The first four principle components cumulatively account for 60.7% of the total morphological variations (Table (Table2).2). Almost all the loadings on PC1 (22.8%) are negative with no clear pattern. PC2 described 17.7% of the total variance, with length of dorsal fin base (LDFB), depth of caudal peduncle (DCP) and head length (HL) (large positive loadings) and the first anal spine length (LAS1) and length of soft dorsal ray (LSDR) (large negative loadings) being most highly correlated with PC2. PC3, which accounted for 10.9% of the total variance, contrasted with the first and third lengths of dorsal spines (LDS1 and LDS3; large negative loadings) and the third anal spine length (LAS3; large positive loading). The two species appeared to differ on PC3, but with some overlap (Fig. (Fig.4),4), T. chatareus having on average a shorter dorsal spine length and longer anal spine length than T. jaculatrix.

Fig. 4

Scatter plot of PC2 vs. PC3 scores and 95% confidence ellipses of the scores for PCA using morphometric characters

Table 2

Principal component loadings for the morphometric characters

The discriminant function tested using Wilks’ λ statistic was significant (λ=0.59, equation M3, P<0.001), indicating a relatively high degree of interspecies variance and that the means of the discriminant scores for the two species are different. The DFA picks out LDS1 and LDS3 as important discriminating characters, similar to the pattern seen on PC3. In addition, DFA also picks out LDFB (Table (Table33).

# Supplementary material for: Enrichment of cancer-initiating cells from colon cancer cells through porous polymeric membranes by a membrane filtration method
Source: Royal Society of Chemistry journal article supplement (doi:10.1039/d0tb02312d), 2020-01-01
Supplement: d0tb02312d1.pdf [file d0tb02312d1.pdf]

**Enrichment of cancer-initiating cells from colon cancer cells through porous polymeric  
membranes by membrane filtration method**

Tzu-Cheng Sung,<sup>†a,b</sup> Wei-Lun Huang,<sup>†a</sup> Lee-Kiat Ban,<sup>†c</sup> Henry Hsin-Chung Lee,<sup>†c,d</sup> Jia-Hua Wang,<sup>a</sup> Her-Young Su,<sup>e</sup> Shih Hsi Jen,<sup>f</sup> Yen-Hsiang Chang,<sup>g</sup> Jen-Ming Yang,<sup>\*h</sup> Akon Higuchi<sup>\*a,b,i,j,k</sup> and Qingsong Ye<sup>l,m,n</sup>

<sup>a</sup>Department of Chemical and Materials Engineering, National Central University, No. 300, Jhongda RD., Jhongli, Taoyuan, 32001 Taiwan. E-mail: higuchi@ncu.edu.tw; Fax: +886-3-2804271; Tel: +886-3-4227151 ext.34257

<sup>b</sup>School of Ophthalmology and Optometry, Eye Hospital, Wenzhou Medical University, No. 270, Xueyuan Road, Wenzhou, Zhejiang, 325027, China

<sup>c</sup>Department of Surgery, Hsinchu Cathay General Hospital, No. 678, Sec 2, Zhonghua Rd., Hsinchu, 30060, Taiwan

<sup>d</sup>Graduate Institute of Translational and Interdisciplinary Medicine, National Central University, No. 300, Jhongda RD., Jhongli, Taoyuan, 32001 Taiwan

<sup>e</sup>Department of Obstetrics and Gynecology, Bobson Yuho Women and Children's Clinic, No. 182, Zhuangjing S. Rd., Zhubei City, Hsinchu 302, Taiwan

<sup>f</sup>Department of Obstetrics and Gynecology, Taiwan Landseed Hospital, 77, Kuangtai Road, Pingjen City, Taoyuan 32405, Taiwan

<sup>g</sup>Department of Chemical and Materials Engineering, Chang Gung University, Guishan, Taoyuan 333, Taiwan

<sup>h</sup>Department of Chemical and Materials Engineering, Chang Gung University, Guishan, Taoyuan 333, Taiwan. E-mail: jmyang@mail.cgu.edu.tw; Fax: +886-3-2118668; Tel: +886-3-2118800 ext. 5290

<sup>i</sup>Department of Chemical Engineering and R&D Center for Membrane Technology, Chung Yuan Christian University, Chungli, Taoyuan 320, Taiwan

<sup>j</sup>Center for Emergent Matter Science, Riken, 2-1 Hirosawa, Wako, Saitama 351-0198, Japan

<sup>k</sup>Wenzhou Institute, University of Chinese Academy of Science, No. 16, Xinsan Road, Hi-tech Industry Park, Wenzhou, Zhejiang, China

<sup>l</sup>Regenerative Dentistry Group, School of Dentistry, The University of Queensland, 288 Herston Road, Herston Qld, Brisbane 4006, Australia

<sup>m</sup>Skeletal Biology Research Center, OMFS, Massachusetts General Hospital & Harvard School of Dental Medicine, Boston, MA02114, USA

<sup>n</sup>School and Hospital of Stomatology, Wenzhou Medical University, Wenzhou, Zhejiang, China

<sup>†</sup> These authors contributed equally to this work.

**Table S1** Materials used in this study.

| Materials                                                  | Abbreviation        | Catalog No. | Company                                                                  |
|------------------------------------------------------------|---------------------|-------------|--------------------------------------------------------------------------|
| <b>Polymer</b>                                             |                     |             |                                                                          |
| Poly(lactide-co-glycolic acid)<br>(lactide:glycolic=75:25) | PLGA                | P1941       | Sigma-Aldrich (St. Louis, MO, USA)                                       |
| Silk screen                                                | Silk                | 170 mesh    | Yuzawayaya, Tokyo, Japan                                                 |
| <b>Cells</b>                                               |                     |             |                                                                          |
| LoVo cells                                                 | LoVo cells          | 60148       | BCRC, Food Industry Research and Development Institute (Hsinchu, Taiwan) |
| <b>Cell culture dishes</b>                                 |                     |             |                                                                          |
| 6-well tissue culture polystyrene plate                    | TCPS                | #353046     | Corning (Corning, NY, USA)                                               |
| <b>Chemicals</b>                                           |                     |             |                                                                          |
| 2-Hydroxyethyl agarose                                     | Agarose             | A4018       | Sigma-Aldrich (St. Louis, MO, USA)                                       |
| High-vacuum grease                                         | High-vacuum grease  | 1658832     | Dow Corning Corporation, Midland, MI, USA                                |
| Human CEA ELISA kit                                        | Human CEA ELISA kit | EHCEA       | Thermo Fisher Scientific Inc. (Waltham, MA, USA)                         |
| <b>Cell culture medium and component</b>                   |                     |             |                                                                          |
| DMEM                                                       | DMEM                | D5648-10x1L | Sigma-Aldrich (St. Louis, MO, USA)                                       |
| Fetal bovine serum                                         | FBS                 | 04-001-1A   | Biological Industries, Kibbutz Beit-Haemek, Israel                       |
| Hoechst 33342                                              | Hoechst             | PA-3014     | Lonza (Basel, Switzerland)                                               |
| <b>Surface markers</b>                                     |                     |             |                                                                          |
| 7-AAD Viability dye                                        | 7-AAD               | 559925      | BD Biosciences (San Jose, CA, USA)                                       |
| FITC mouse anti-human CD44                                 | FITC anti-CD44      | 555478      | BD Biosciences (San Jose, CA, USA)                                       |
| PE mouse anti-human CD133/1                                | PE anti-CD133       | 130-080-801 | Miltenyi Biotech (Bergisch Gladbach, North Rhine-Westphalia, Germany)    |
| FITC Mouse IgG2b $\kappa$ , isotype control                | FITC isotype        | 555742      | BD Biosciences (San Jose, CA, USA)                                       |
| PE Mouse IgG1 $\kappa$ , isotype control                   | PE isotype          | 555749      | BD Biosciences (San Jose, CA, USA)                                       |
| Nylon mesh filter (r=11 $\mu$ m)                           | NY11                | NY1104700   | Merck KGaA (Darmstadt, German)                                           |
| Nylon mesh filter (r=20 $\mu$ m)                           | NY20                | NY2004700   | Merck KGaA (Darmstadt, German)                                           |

Table 3

Standardized and unstandardized canonical discriminant function coefficients for morphometric characters

The discriminant function managed to assign correctly 86.7% of the fish to the species and 76.1% after cross-validation, 73% (κ) better than what would have occurred by chance. The relatively high classification success provides support for the morphometric differences between the species (Table (Table44).

Table 4

Classification results of discriminant function analysis using morphometric characters of Toxotes chatareus and Toxotes jaculatrix

For the meristic characters, pelvic fin ray (PVFR), caudal fin ray (CFR), anal spine (AS), pelvic spine (PVS), and total vertebrae (TV) were constant between the species and were excluded in the analyses. The remaining meristic characters, dorsal fin ray (DFR), pectoral fin ray (PCFR), anal fin ray (AFR), and lateral line scale (LLS) were subjected to PCA. Univariate comparisons of these characters between species were significant (P<0.05) except for DFR (Table (Table55).

Table 5

Univariate comparisons of meristic characters of Toxotes chatareus and Toxotes jaculatrix